Happy Black History Month! This is the 19th blog of a series of blogs called “Black History Month Heroes You Should Know”. Each blog focuses on the life and career of a Black American whose life has shaped American history.
The focus of today’s blog is Elizabeth Catlett, the Black and Mexican artist who is known for her maternal paintings such as The Madonna as well as her portraits of Black leaders like Dr. Martin Luther King Jr.
Denied An Education Because of Race
Before she was even born in 1915 in Washington D.C., Elizabeth Catlett, unfortunately, lost her father (NMWA). Her single mother raised her along with her two siblings, while also working three jobs to make ends meet. After applying to the Carnegie Institute of Technology to pursue higher education, Catlett was refused admission because of her race. She then attended Howard University until 1935 when she graduated with honors. A few years later, she earned the first MFA in Sculpture at the University of Iowa (NMWA).
While there, Catlett’s professor Grant Wood encouraged his students to explore all different kinds of mediums for art (NMWA). With this encouragement, Catlett created lithographs, linoleum cuts, and sculptures out of many different materials. She tried printmaking and also continued drawing and painting, focusing on capturing the Black female experience (NMWA).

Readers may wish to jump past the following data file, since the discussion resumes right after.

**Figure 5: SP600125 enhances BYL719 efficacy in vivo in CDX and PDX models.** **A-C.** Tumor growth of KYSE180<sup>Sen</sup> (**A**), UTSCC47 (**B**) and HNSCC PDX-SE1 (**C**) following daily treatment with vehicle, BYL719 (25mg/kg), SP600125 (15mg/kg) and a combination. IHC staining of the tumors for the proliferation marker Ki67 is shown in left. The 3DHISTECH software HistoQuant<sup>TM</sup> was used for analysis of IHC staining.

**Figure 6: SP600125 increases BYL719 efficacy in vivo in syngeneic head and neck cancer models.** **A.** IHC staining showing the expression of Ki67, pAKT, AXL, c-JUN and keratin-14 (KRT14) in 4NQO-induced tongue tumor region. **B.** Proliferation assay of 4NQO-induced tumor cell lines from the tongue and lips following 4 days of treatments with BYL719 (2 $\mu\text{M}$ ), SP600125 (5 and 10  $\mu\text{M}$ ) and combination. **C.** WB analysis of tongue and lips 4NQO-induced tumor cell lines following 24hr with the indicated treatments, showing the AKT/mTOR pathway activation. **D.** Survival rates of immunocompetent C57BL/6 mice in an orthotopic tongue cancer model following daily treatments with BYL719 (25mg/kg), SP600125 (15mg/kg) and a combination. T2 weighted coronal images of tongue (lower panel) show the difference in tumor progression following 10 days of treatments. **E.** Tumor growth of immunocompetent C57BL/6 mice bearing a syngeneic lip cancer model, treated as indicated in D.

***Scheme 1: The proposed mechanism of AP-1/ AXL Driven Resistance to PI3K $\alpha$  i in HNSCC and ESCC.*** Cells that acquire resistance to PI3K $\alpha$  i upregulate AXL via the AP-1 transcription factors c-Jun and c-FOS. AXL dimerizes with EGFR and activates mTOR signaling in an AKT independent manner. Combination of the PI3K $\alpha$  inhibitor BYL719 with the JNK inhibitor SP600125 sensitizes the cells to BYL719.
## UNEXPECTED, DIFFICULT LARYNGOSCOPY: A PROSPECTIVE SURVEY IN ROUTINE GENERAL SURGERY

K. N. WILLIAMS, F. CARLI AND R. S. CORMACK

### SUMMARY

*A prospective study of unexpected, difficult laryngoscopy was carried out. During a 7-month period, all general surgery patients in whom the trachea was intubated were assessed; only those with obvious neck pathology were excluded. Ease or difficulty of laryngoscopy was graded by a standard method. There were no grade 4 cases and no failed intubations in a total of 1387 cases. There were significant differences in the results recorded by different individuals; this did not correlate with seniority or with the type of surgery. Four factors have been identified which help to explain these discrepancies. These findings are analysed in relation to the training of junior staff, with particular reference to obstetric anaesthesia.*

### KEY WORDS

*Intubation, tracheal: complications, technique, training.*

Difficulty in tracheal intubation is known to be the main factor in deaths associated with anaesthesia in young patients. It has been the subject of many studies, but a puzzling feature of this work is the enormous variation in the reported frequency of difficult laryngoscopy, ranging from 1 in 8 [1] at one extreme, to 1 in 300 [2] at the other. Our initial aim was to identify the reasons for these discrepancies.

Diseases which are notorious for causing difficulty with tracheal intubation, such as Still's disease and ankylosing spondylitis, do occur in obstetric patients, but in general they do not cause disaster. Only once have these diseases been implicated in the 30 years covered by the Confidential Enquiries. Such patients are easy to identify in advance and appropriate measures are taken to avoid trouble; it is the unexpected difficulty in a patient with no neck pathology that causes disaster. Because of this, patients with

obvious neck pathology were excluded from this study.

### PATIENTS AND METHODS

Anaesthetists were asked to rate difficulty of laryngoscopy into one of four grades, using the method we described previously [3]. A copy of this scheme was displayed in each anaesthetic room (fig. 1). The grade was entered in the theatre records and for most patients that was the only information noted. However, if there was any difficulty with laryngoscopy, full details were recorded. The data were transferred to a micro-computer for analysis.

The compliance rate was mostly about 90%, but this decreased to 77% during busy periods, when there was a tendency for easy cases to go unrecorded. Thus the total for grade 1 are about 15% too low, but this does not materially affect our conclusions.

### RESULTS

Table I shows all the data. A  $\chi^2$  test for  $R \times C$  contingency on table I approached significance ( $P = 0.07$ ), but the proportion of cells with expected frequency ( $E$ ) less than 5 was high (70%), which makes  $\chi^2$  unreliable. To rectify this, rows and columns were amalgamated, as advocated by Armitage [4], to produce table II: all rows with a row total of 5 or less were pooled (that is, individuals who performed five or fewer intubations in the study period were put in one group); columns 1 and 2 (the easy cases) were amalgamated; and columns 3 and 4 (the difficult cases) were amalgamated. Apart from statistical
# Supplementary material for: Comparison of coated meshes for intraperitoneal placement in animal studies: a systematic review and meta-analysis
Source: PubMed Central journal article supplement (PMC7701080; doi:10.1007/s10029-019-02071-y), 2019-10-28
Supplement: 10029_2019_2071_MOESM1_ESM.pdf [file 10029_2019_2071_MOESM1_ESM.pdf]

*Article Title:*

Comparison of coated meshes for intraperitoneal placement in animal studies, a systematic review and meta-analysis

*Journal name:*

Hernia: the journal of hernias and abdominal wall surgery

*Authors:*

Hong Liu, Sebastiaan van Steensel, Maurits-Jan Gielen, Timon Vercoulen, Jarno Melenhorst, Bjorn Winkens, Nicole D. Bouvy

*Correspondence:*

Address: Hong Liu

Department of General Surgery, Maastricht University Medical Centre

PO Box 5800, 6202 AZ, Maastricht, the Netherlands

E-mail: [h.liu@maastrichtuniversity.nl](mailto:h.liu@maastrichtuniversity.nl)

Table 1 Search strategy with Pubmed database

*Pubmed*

Life in Mexico City
In the mid-1940s, Catlett got the opportunity to move to Mexico City through a grant from the Rosenwald Foundation (NMWA). She moved there with her husband Charles White, but once there, the marriage became strained. They soon divorced around the time Catlett became more involved with the Taller de Gráfica Popular, a group of local influential printmakers. Her involvement with the group led to her being banned from entering the United States after the group was deemed a “Communist Front Organization” (NMWA).
Art On Display
Catlett then met who would become her second husband, artist Francisco Mora (NMWA). Together, they had three children. In Mexico City, Catlett landed a teaching job at the National School of Fine Arts. She held the position there for almost 20 years. She finally retired from teaching in 1976 but remained creating art until her death in 2012 at age 96. There have been over 50 solo exhibitions at various art museums displaying her sculptures and paintings (NMWA).
In the book “Modern Women: Women Artists of the Moma” Catlett is quoted saying, “Artists should work to the end that love, peace, justice, and equal opportunity prevail all over the world; to the end that all people take joy in full participation in the rich material, intellectual, and spiritual resources of this world’s lands, peoples, and goods.”